Rich-Poor Gap Gaining Attention
Washington - The income gap between the rich and the rest of the US population has become so wide, and is growing so fast, that it might eventually threaten the stability of democratic capitalism itself.
Is that a liberal's talking point? Sure. But it's also a line from the recent public testimony of a champion of the free market: Federal Reserve Chairman Alan Greenspan.
The 'Upside-Down' Economy
Lagging Investment: The Cost of the Upside-Down Economy
The current economic recovery has been unique in many respects. It was the first "job loss" recovery since World War II. For most of the first two years of the recovery, total employment was below the levels at the start of the recovery. Total compensation growth was the lowest in any post-war recovery. After eight quarters of recovery, total compensation was less than 3 percent higher than at either the start of the recovery or the recession. Simultaneously, after-tax profit rates rose to record highs, marking this as an 'upside-down' economy, whereby corporate gains soared and labor's gains reached new lows.
Wall Street Bonuses to Hit Record $21.5 Billion in 2005
NEW YORK (Reuters) - Wall Street bonuses are expected to have hit a record $21.5 billion in 2005 from $18.6 billion in 2004 as investment banks reaped record earnings, New York State Comptroller Alan Hevesi said Wednesday.
No holiday bonus at 60% of companies
November 14, 2005
NEW YORK (CNN/Money) - Fifty-nine percent of companies say they won't be giving out holiday bonuses in any form this year. And of those that will, only 13 percent said they will be giving out bonuses in cash.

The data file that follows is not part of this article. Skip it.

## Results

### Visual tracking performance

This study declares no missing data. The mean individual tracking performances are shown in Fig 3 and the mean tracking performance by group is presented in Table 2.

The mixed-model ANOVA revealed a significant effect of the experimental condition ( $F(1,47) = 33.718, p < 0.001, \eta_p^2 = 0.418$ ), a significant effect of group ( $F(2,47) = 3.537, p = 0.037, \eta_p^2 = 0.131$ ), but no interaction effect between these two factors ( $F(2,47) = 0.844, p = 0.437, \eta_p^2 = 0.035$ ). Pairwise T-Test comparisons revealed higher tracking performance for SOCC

$13,700 an Hour
The New York Times recently reported that--for the first time--a full-time worker earning minimum wage cannot afford a one-bedroom apartment anywhere in America at market rates.
Markets 'are like 1987 crash'
May 21, 2006
CONDITIONS in the financial markets are eerily similar to those that precipitated the "Black Monday" stock market crash of October 1987, according to leading City analysts.
A report by Barclays Capital says the run-up to the 1987 crash was characterised by a widening US current-account deficit, weak dollar, fears of rising inflation, a fading boom in American house prices, and the appointment of a new chairman of the Federal Reserve Board.
"We are very uncomfortable about predicting financial crises, but we cannot help but see a certain similarity between the current economic and market conditions and the environment that led to the stock-market crash of October 1987," said David Woo, head of global foreign-exchange strategy at Barclays Capital.